How many sales presentations have you done over your career?  Do you know your presentation so well that you could do it in your sleep?  I am sure the answer to these questions range from “thousands” to “yes, and I have actually done my presentation in my sleep.”

Many of us know the anatomy of a window so well that if there were a doctorate for replacement windows, we would have one.  But there is a risk to so deeply familiar with your product. Often, we can start to sound like doctors.  We start talking over our customers’ or prospects’ heads.

For example, we can sometimes take for granted that everyone knows what a double hung is and how it operates.  And sometimes we get so technical in talking about how it is made that we lose the interest of our customer or prospect.  The old radio station call letters still apply today, WII-FM  – “What’s In It For Me?” When we are presenting to customers and prospects, we want to keep in mind – “what’s in it for our audience?”

Proctor and Gamble has thrived on the fundamental concept of features and benefits.  Their sales and marketing teams are trained to think of the feature and speak of the benefit.  And to understand the benefit for the customer/prospect, you simply ask yourself, “So what?”

Using our example about a double hung, our feature is this — “the sashes tilt in towards the inside of the house.” Ask yourself “so what?”   The benefit can be translated to, “easier to clean your windows and keep them clean.” If you keep asking yourself “so what” before you start explaining a feature of the window, you will align better with your audience.  Statistics show that you will also close more deals.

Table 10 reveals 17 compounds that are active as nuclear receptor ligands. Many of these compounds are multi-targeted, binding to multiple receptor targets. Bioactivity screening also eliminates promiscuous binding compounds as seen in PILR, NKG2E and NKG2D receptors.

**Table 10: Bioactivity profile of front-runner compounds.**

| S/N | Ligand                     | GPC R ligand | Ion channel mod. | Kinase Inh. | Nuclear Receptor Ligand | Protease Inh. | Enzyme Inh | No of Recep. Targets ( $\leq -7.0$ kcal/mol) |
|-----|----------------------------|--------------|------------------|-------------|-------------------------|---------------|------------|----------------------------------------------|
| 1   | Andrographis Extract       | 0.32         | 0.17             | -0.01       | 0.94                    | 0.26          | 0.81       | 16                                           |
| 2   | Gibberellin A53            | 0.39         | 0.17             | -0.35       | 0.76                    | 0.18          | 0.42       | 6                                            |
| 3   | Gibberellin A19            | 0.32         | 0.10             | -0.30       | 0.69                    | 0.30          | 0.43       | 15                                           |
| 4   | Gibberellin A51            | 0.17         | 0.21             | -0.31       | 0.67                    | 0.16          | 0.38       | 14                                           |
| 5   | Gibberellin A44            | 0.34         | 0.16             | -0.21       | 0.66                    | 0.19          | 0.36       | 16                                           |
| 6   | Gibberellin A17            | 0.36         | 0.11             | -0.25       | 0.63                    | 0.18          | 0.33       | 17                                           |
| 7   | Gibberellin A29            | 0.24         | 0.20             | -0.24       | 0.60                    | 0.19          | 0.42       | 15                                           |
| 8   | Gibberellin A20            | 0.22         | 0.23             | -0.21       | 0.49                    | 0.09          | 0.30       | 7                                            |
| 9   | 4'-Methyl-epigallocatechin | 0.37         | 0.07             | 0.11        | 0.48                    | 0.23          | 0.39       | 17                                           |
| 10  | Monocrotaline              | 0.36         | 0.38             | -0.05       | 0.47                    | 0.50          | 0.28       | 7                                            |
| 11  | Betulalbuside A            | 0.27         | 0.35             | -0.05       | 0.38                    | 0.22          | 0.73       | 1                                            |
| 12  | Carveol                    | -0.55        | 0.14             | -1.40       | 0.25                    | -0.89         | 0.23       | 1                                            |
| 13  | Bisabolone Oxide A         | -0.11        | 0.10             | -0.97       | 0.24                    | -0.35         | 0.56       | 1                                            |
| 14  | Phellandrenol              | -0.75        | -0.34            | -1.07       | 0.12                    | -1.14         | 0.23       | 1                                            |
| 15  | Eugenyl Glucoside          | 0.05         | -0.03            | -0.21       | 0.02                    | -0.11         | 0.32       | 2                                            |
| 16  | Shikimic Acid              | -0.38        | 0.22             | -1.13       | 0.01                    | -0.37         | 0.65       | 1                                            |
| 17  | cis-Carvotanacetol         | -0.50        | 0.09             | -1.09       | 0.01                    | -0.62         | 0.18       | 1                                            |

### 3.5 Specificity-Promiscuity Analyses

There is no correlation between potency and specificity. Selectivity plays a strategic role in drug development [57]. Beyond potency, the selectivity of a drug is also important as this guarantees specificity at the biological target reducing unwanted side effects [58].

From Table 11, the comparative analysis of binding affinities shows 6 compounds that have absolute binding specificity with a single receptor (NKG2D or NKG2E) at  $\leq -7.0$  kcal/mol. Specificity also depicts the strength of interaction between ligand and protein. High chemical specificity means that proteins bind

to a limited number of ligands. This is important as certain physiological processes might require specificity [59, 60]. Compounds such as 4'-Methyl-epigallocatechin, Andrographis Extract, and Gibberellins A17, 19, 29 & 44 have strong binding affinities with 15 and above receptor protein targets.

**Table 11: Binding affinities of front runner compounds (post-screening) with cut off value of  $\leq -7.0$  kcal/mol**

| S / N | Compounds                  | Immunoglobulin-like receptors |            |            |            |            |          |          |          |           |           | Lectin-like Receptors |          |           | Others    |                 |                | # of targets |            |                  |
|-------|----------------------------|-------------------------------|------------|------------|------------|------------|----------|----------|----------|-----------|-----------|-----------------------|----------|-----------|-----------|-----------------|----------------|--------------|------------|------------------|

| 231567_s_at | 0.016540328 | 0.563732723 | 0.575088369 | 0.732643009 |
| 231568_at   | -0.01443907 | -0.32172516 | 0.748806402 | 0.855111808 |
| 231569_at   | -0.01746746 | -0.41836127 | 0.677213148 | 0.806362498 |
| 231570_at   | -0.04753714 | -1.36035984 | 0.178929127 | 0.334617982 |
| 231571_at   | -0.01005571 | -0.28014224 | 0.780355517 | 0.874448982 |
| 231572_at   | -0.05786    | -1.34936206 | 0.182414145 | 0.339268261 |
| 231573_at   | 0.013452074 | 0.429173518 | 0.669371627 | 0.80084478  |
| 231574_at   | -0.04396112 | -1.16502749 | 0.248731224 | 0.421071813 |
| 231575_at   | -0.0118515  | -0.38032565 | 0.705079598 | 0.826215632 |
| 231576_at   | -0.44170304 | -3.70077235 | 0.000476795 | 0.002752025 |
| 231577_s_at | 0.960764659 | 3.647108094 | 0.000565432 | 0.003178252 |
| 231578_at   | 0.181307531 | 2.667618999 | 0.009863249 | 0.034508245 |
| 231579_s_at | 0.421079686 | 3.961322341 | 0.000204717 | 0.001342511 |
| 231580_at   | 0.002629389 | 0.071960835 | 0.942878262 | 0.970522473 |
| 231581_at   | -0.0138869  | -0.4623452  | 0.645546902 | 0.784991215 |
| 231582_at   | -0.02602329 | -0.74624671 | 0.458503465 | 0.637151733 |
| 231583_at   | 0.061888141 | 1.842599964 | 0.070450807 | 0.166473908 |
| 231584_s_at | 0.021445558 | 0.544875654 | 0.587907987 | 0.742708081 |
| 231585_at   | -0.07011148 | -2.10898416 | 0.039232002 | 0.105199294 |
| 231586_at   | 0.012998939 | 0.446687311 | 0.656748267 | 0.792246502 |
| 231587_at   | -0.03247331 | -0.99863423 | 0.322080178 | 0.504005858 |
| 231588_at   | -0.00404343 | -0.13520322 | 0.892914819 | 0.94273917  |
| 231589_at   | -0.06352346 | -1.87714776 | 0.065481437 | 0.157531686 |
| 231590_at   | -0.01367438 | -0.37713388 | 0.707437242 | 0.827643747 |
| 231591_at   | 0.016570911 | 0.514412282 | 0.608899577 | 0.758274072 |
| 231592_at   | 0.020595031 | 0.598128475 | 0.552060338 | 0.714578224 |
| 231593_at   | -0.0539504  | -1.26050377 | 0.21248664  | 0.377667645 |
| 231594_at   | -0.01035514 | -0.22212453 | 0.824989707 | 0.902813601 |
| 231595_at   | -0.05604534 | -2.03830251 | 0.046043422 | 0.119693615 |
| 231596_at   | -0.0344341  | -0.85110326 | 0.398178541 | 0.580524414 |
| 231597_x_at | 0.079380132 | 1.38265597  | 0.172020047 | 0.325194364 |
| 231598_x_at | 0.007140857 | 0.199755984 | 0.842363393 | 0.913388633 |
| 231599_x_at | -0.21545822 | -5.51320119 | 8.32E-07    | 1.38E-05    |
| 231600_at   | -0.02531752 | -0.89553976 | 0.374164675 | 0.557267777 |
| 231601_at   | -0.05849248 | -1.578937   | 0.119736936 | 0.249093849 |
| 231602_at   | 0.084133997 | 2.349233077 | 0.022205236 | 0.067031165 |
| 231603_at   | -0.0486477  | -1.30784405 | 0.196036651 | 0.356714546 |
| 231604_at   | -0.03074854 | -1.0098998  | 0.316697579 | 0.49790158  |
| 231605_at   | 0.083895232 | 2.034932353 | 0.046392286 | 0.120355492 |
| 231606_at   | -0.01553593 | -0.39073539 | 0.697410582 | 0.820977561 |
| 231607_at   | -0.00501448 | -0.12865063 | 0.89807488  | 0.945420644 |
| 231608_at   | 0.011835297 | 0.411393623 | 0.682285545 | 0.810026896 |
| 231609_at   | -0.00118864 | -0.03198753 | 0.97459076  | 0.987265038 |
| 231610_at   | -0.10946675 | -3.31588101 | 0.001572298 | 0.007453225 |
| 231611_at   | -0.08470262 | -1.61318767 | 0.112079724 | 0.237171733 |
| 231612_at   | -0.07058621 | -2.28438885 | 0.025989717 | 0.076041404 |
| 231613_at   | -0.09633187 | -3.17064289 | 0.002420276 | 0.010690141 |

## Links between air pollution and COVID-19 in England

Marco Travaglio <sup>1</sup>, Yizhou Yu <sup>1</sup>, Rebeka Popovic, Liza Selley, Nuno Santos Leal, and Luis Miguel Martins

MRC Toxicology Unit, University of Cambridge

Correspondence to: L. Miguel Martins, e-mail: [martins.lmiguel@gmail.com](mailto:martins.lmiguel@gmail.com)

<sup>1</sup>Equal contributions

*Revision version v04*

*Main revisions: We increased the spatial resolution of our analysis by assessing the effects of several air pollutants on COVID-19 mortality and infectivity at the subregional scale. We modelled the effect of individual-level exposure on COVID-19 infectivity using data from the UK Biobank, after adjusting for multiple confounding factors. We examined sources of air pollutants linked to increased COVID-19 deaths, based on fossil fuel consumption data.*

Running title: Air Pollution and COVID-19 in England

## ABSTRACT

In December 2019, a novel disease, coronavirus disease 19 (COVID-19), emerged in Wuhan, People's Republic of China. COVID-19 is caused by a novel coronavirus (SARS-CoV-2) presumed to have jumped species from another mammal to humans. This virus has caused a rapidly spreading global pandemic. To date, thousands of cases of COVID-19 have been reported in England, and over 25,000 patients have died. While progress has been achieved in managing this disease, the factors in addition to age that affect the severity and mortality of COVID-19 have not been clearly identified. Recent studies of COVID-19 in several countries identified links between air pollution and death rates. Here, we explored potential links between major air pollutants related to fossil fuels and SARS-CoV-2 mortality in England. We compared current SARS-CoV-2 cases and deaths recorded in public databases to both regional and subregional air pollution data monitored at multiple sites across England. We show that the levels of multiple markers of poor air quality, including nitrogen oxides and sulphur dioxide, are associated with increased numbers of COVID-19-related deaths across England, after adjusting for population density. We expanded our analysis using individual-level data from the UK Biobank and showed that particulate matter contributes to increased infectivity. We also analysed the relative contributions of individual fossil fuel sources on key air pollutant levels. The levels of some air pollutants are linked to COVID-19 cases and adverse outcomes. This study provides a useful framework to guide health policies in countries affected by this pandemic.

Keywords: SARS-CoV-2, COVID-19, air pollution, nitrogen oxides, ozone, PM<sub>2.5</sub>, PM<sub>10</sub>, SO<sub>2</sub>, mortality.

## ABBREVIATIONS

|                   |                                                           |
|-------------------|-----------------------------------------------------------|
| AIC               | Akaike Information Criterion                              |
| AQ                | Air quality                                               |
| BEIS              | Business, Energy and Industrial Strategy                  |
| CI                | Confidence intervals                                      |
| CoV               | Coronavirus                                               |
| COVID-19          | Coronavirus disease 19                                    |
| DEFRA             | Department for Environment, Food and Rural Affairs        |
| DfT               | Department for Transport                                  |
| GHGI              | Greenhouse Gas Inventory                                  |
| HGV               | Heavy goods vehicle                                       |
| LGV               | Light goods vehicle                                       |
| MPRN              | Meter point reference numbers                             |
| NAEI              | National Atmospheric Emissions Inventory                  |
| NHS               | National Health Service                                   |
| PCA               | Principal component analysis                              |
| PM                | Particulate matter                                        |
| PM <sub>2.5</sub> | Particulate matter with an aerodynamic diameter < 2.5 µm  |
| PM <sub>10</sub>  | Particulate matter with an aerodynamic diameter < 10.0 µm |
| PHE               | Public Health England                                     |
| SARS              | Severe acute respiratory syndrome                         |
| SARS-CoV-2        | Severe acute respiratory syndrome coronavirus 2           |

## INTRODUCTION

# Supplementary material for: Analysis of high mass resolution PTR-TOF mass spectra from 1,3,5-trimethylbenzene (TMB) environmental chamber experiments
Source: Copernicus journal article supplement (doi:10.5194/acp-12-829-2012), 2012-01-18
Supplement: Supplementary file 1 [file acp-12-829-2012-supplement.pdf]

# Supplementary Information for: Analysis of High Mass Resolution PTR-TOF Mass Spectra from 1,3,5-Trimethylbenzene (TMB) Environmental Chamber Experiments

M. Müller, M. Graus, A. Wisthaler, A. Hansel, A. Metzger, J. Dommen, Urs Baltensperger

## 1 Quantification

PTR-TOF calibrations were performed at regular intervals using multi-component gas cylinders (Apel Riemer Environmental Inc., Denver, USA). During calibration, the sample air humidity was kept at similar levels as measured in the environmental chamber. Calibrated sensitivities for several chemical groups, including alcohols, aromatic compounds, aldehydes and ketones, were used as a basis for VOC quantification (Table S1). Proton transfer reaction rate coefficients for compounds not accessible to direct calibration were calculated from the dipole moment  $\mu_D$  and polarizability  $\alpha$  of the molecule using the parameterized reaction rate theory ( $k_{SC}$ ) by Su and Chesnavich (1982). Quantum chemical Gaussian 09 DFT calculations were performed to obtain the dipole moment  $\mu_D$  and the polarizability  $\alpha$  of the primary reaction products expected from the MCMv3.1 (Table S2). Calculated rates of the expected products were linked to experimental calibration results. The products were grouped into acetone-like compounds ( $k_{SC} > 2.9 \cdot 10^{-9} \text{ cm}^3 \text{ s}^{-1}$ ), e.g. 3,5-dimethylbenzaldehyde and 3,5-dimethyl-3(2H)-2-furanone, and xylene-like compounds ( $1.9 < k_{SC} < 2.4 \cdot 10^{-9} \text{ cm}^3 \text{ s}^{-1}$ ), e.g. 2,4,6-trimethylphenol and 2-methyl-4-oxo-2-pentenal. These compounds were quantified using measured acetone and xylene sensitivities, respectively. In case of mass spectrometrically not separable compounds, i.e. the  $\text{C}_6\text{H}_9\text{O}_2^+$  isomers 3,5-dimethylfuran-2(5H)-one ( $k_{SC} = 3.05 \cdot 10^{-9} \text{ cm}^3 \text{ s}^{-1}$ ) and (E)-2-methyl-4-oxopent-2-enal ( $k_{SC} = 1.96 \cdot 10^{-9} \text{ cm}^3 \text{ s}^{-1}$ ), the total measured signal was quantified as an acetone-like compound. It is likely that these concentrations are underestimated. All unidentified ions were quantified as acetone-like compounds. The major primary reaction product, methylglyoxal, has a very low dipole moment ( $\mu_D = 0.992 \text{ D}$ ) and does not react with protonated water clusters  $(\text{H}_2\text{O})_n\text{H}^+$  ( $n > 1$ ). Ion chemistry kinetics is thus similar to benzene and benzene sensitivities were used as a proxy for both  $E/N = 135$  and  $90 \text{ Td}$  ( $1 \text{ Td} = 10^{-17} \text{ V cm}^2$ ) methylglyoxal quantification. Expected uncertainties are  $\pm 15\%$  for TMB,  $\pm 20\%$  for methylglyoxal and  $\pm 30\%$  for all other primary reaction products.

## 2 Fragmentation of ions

To wrap up, one of my “very experienced and very successful” friends recently explained to me, “The mark of true intelligence is the ability to take the complex and explain it so everyone can understand it.”  If you think about it, when you are in the home, you are asked to do this every day.  And how intelligent you are with your customers and prospects will translate into how successful you are.

Great Selling!

 

Tyson's Take

3 Comments

  1. Tyson,
    Another golden nugget I learned from a Marketing pro was to always ask “which results in…?” to arrive at the benefit. Taken to the extreme, “the sashes tilt in towards the inside of the house” which results in “easier to clean your windows and keep them clean” which results in “impressed dinner guests when you have your boss over” which results in “a big promotion”!

    One downside I see today is that sometimes the “WII-FM” pitch can evolve so much that IT becomes esoteric and the potential customer can’t grasp what they are really buying. Using our earlier example imagine someone pitched you “do you want a big promotion? I’ve got some windows that can do it!”

    – Cheers

  2. It has been my experience that the complicated and complex the product it is essential to focus on the features that deliver the benefits the prospect cares about.That is why understanding your customer’s needs and objectives before your formulate much less make your presentation.

  3. Tyler,

    Couldn’t agree more…in fact, I wrote this just a couple of months ago.

    https://www.linkedin.com/pulse/packed-dirt-knowing-your-sales-path-richard-willard?trk=prof-post

    Let me know what you think.

    Thanks,

    Richard

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